If Higher Rates Loom, Will the Fed Twist?

Published: November 15, 2002
COME on, let's twist again, like we did last century.
Alan Greenspan this week brought back memories of ''Operation Twist,'' the last time the Federal Reserve he now leads set out to manipulate long-term interest rates.
Testifying on Capitol Hill, Mr. Greenspan was reminded that the federal funds rate -- the short-term rate the Fed controls -- is down to 1.25 percent. What could the Fed do if it needed to ease monetary policy when rates were already near zero?
It could buy long-term Treasuries, the chairman replied. ''As a consequence, there's virtually no meaningful limit to what we could inject into the system were that necessary.''
Mr. Greenspan gave no hints he was planning to do any such thing. But it is an interesting idea and may come back if the current ''soft spot'' in the economy, as Mr. Greenspan described it, turns out to be quicksand.
The original Operation Twist was conceived in 1961 by the Kennedy administration, which felt a need to lower long-term rates to stimulate business investment, while at the same time raising short-term rates to deal with a current account deficit that was putting pressure on the dollar. Thus the ''twist'' on interest rates.
The twist was not wildly successful, but neither was it a clear disaster. The dollar survived another decade before it had to be devalued as the era of fixed exchange rates ended. And a long period of economic growth began in 1961.
But it is not hard to understand why Mr. Greenspan would be thinking about long-term rates. The current economic recovery, choppy and tentative as it is, is dependent on long-term rates' not rising, and it may even need further declines. Since businesses overinvested in the boom and are still looking for ways to cut costs, the housing market has become the engine of growth. Rising home prices make consumers feel wealthier and willing to spend, and refinancing mortgages gives them the cash to do so.
One key to the strength of the housing market is that buyers and sellers of homes look at prices differently. The seller thinks the home sells for, say, $275,000. The buyer focuses on the monthly payment after the down payment: $1,499 on a 30-year, $250,000 loan at 6 percent. In 1990, with 10 percent mortgage rates, that same monthly payment covered a $160,000 loan. A drop of four percentage points has allowed buyers to get a 56 percent larger loan.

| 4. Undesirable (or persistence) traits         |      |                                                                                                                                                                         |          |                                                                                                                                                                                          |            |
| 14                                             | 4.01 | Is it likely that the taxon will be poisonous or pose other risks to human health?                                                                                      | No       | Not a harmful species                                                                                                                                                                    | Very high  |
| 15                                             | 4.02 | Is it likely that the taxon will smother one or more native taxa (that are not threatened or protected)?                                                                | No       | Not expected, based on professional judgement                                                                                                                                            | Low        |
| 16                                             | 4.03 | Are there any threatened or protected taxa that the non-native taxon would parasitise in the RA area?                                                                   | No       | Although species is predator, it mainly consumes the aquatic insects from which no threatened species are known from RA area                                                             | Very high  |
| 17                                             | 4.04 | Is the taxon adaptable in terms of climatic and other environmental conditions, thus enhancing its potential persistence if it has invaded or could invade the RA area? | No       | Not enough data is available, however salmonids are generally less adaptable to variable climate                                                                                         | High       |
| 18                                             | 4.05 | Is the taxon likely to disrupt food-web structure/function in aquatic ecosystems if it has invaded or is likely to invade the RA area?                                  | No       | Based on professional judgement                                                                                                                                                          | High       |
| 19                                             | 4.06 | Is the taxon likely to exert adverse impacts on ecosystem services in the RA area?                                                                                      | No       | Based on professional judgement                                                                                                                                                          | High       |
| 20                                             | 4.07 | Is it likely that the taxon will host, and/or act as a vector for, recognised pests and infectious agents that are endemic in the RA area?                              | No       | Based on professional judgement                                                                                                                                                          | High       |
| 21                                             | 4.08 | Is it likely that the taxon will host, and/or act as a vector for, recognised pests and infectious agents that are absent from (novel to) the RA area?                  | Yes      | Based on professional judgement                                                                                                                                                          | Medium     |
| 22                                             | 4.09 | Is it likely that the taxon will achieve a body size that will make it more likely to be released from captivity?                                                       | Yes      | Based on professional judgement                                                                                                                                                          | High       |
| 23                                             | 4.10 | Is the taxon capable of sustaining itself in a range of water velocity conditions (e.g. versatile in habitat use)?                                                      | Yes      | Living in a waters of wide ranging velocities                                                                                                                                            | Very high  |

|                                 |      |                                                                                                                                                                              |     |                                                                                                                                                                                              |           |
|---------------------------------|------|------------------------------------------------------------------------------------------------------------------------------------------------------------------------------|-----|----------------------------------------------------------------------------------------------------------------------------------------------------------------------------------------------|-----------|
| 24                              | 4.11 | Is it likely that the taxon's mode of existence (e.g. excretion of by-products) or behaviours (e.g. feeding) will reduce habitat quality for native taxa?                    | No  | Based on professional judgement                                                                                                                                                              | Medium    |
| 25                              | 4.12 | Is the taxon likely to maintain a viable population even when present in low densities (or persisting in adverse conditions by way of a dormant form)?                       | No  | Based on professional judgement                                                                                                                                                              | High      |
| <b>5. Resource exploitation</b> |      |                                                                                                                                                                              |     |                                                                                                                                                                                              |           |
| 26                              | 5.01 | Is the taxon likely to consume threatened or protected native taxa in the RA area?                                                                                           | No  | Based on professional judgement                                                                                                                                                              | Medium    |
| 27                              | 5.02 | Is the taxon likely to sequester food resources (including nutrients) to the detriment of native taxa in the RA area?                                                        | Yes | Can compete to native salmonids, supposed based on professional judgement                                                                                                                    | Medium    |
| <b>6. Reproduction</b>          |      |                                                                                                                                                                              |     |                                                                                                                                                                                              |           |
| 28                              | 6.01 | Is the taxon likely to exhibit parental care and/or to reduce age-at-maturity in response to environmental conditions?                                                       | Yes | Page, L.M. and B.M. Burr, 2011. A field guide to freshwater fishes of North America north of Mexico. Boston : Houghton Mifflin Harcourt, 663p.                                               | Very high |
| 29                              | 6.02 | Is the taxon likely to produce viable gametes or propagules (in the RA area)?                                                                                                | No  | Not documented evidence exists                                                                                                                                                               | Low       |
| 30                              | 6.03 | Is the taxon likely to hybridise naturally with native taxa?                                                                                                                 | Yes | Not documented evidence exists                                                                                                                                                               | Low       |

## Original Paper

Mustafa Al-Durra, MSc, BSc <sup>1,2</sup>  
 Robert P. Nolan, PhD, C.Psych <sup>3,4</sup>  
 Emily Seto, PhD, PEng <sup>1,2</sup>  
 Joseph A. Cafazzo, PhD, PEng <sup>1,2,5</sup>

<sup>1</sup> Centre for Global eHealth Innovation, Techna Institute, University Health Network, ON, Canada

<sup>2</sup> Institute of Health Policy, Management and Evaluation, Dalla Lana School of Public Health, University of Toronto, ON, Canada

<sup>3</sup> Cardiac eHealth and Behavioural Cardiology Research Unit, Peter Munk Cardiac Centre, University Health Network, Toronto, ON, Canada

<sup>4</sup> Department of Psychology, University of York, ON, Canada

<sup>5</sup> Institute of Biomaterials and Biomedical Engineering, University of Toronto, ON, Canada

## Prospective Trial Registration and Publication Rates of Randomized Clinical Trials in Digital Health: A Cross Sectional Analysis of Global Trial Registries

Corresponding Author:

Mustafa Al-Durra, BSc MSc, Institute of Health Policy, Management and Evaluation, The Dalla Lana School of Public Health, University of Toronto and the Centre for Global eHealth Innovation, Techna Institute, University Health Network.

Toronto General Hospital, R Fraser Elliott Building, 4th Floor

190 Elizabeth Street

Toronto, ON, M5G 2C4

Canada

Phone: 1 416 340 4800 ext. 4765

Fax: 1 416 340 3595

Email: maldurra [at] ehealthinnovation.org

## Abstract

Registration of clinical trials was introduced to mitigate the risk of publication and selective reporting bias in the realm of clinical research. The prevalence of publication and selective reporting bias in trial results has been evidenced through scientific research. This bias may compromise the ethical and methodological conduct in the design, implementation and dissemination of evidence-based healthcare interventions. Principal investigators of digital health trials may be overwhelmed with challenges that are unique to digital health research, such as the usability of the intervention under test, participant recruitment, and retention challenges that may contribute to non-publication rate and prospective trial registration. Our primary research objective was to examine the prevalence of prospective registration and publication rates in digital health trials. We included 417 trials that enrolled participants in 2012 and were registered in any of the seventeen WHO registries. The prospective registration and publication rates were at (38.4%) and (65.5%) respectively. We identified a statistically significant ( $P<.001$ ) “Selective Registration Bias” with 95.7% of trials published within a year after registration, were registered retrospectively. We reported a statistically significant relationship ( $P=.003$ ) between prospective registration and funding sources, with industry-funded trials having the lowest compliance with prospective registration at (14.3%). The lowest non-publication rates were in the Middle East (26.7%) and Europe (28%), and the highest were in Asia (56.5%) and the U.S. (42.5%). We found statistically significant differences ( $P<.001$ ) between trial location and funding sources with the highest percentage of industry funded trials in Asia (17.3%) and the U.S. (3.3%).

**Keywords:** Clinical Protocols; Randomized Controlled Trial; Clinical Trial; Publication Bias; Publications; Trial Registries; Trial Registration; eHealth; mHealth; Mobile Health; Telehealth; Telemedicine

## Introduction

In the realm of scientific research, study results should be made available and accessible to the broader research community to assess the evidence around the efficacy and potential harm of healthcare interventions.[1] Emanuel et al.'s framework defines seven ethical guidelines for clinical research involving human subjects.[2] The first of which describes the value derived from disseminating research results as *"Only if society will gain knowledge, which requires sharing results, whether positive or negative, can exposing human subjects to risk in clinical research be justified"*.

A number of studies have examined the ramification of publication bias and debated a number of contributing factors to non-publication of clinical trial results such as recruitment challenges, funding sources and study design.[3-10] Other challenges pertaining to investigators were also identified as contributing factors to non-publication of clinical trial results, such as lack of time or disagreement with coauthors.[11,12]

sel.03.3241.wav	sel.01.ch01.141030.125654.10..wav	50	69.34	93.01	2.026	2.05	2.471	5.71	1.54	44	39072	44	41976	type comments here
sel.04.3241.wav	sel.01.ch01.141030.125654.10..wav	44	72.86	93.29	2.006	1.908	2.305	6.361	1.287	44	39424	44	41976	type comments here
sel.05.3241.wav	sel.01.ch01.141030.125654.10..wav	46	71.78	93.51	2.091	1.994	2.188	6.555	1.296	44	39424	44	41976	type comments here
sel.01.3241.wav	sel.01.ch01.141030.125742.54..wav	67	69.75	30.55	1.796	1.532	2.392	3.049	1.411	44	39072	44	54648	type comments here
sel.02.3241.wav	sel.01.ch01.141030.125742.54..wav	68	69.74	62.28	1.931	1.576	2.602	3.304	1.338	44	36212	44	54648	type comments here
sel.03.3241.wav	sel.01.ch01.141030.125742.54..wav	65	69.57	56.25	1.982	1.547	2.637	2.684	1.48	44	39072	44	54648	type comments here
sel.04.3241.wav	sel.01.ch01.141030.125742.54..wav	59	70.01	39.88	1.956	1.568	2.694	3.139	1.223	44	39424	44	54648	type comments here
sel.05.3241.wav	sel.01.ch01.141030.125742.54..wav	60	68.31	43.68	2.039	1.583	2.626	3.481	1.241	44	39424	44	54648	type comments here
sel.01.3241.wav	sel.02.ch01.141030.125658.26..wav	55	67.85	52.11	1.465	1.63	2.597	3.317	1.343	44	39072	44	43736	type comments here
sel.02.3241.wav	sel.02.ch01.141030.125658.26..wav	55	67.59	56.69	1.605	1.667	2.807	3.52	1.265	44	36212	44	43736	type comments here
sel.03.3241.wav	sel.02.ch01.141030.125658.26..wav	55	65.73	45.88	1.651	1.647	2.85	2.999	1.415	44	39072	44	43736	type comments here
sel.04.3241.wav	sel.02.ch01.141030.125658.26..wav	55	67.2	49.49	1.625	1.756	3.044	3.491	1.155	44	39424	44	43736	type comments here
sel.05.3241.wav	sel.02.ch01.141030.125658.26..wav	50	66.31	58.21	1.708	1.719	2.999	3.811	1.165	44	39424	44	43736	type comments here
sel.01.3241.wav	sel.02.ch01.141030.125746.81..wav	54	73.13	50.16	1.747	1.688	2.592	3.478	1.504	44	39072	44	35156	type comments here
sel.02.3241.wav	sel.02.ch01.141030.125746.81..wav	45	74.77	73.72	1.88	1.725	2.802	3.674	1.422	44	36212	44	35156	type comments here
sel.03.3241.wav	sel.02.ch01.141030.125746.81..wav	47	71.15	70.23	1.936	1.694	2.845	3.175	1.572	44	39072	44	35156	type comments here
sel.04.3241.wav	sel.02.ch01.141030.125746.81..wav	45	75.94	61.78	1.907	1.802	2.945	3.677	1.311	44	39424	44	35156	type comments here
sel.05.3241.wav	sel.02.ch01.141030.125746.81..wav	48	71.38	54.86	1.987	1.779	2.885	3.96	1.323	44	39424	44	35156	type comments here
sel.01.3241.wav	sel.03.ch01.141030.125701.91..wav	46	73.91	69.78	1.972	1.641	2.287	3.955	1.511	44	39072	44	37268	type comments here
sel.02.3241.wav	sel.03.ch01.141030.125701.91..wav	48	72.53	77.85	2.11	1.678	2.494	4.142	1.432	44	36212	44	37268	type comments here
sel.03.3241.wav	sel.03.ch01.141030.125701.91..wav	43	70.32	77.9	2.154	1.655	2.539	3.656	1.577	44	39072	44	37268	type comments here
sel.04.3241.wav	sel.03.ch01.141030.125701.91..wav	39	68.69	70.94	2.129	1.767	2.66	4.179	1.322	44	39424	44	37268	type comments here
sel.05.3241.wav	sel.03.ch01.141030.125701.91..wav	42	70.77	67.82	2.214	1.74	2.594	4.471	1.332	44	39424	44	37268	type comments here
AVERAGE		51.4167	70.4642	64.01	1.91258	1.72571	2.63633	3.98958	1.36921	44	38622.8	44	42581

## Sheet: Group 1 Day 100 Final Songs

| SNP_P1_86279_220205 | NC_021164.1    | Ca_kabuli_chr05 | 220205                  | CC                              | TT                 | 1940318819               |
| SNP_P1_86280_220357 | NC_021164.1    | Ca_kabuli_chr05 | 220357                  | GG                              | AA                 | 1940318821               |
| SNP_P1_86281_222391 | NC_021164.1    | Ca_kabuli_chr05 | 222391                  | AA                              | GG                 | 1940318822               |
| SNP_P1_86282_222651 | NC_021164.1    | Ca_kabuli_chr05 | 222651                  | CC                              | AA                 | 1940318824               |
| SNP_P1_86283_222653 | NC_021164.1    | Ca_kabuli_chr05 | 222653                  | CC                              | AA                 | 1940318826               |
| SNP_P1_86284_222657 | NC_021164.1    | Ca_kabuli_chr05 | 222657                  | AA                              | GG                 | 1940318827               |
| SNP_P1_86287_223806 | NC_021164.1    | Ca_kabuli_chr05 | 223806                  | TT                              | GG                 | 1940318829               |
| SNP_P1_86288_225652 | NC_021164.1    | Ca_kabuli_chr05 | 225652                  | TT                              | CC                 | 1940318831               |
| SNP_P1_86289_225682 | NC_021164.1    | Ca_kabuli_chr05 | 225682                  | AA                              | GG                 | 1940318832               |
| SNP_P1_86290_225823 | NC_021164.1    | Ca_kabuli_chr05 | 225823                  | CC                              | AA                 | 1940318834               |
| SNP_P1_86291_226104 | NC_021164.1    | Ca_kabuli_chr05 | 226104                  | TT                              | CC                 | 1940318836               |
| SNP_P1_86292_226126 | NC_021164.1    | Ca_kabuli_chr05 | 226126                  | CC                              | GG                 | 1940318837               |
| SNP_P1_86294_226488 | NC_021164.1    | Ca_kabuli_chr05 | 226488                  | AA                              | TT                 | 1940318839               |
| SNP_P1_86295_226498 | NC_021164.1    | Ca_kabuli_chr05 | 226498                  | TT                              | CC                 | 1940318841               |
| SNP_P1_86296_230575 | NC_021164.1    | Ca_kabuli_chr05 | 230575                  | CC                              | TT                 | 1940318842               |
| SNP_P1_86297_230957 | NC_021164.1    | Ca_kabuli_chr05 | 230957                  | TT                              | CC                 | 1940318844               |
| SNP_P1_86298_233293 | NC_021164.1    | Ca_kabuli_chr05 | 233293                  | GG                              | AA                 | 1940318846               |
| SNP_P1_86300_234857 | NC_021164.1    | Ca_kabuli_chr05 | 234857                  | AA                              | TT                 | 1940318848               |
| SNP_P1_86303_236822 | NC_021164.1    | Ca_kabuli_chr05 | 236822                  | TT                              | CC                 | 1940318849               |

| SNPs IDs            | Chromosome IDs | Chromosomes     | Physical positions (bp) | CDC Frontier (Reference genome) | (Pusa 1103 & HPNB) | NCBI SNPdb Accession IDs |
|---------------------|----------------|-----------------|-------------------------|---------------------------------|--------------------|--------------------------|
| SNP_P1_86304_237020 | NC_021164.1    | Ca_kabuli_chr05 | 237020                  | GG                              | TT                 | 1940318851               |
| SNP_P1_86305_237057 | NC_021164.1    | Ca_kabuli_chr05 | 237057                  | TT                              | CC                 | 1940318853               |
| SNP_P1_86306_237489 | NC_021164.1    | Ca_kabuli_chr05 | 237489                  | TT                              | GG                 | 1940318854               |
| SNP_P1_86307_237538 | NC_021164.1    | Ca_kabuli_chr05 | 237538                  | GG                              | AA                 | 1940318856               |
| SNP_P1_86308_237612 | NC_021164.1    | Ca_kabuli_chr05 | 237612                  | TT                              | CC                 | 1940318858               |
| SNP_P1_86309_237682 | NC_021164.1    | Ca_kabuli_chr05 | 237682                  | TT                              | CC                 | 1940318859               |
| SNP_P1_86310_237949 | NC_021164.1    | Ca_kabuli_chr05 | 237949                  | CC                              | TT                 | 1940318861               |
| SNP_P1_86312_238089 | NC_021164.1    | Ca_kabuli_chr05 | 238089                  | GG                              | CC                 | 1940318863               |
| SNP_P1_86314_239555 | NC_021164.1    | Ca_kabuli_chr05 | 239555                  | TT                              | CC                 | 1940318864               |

Were mortgage rates to rise now, the economic stimulus from refinancings would vanish. Then people with adjustable rate mortgages would have to pay more. Finally, the higher mortgage costs could make so many buyers unable to pay current prices that those prices would fall. And that wealth effect could cause consumers to cut back on spending far more than they did after their stocks lost value.
The aftermath of the bubble can be seen in the disarray of companies like Lucent and in the determination of nearly all companies to control capital spending. This economy needs consumers to keep spending until those imbalances are worked out, and there is no telling how long that will be.
At the moment, consumers are becoming even more important. The federal government can run deficits as it pleases, but state and local governments are being forced to reduce spending and raise taxes. That will apply an economic drag.
The odds still favor the economy's staying out of recession, and there is no obvious reason to expect higher rates any time soon. But it is understandable why the Fed would be nervous. Higher long-term rates could badly damage this economy. Mr. Greenspan could yet be called upon to do the twist.

NOW THAT'S A TRADE!! Twist and shout!